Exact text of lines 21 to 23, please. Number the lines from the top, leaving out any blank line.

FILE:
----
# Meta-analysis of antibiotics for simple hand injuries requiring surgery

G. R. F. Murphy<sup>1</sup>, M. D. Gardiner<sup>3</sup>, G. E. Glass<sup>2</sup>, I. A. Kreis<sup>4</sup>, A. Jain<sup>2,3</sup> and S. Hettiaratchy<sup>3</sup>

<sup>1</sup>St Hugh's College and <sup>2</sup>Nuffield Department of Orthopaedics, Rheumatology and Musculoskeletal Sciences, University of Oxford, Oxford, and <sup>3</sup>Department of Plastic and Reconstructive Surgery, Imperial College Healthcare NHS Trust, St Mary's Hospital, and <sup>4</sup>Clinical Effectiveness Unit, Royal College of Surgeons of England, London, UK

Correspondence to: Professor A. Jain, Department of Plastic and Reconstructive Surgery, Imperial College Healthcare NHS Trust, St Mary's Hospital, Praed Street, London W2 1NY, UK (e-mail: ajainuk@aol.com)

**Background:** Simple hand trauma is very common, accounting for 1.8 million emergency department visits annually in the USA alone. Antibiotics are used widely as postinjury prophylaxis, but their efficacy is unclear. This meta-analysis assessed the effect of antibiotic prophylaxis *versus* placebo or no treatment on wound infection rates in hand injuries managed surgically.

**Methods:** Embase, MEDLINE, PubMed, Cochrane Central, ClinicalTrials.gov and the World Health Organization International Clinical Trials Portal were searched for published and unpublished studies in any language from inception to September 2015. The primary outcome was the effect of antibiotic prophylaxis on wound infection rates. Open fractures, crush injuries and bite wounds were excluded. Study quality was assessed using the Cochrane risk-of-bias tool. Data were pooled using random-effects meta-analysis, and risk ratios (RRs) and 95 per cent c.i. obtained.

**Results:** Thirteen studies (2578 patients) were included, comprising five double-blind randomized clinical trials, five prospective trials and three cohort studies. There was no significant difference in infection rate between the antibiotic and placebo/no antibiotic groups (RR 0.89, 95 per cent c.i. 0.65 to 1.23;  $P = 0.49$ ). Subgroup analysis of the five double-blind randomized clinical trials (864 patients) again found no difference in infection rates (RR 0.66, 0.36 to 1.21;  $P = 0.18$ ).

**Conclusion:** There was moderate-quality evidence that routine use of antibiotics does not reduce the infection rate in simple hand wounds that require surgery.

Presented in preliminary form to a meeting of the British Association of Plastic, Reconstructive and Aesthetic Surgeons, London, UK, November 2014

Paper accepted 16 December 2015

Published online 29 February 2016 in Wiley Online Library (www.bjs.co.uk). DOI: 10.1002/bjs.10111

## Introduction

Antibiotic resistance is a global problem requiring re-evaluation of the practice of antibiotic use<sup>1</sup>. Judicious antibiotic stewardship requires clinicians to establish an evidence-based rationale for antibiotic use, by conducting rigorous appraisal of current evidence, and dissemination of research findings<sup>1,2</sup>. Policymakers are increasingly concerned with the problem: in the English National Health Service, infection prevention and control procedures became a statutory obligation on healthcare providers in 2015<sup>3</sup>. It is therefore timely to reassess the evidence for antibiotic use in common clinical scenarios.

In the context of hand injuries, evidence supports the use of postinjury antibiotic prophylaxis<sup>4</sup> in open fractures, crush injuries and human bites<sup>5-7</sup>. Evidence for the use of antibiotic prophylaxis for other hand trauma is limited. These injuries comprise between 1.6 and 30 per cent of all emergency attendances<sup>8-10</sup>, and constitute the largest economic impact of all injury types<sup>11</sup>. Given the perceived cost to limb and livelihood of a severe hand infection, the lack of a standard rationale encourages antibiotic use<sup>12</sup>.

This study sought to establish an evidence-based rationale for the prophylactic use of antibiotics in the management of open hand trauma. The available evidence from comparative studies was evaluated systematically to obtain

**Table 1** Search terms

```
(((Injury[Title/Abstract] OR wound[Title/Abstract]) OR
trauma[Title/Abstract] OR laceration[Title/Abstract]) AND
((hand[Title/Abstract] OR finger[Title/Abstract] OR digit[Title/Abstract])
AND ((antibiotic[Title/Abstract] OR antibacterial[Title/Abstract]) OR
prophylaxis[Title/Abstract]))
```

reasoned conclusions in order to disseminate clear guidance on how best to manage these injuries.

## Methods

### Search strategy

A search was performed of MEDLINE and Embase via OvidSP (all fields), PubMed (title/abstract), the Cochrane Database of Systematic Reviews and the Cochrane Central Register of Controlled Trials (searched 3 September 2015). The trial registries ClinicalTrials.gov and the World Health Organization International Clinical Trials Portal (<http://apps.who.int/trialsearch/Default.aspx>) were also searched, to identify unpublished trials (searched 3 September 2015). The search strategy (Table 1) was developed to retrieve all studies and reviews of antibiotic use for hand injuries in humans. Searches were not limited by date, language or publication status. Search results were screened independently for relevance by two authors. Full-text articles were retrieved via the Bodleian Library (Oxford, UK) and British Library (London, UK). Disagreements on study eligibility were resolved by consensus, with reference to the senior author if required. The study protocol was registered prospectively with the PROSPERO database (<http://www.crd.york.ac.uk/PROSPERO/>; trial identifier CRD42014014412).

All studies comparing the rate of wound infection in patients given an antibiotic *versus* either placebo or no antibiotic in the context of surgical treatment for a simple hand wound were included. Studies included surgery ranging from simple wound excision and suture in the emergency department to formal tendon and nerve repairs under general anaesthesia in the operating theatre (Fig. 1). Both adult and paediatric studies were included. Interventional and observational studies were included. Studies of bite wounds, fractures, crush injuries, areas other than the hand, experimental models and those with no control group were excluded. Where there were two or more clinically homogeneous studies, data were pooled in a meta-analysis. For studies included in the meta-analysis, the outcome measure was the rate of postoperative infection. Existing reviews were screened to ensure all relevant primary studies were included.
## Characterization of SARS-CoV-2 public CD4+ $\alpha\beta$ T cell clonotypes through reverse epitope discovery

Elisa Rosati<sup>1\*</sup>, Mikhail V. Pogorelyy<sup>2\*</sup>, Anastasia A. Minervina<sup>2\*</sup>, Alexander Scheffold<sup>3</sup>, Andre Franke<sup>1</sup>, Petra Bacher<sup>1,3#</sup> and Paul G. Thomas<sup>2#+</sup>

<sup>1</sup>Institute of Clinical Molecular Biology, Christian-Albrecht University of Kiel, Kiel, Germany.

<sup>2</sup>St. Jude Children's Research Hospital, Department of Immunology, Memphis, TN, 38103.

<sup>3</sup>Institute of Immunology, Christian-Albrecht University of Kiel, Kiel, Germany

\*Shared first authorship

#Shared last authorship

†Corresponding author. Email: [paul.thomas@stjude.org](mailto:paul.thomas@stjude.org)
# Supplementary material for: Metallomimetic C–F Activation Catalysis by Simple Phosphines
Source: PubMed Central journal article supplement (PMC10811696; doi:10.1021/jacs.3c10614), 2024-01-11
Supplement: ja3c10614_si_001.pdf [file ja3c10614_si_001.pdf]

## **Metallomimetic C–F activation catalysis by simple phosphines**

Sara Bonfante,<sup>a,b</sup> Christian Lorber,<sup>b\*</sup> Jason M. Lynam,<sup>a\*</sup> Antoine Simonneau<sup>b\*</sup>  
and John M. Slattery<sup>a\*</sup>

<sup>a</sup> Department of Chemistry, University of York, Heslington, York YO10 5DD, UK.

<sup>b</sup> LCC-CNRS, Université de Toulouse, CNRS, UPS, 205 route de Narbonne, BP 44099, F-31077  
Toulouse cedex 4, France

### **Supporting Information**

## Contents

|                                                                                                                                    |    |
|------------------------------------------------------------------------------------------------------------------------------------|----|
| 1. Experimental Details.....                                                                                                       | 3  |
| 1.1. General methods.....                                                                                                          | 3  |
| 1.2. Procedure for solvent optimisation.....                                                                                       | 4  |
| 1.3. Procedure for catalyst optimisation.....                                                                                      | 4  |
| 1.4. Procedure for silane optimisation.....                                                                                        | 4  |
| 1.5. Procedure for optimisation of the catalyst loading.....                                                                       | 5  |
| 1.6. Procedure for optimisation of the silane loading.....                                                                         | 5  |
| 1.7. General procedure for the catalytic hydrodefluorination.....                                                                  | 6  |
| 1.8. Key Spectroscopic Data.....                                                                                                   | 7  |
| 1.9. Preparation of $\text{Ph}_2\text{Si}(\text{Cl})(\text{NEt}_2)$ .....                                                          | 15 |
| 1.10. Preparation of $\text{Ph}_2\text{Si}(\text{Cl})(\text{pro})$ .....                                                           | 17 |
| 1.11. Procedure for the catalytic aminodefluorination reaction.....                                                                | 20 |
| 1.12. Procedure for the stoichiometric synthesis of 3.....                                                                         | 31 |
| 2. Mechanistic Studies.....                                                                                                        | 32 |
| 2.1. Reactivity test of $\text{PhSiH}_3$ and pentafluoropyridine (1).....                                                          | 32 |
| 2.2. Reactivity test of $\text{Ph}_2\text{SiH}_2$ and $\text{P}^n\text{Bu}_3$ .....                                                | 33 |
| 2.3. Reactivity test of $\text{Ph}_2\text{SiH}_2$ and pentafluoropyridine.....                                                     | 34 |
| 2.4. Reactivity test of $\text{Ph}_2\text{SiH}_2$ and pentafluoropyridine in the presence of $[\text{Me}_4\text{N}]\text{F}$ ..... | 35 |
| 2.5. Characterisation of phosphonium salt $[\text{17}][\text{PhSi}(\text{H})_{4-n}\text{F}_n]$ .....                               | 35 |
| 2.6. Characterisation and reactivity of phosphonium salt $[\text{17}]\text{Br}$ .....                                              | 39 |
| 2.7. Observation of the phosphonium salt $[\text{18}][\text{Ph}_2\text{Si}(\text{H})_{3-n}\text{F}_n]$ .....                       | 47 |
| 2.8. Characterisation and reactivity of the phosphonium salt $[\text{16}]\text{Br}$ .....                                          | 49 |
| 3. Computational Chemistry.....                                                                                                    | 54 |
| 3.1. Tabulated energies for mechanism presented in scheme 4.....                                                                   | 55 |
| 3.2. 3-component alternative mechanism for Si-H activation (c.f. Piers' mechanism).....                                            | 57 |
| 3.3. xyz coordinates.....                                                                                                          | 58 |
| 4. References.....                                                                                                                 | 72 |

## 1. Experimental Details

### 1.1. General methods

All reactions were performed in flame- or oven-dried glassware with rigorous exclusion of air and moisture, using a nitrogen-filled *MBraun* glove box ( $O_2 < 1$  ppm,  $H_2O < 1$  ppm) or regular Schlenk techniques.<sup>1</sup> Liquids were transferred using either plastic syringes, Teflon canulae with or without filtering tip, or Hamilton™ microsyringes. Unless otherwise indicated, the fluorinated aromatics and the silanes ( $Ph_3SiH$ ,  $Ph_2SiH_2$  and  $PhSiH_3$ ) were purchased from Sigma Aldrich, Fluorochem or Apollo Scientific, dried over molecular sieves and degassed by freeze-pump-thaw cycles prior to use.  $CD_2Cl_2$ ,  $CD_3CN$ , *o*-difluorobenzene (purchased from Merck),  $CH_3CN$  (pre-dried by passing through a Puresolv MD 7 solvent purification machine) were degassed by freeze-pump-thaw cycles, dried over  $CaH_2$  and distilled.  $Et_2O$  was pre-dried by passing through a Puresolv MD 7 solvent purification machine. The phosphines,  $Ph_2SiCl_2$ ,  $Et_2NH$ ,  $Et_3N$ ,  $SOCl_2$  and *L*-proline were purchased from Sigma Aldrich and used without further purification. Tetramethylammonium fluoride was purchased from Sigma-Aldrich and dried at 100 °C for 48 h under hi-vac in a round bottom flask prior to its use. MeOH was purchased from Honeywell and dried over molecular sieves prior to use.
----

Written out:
AND ((antibiotic[Title/Abstract] OR antibacterial[Title/Abstract]) OR
prophylaxis[Title/Abstract]))
```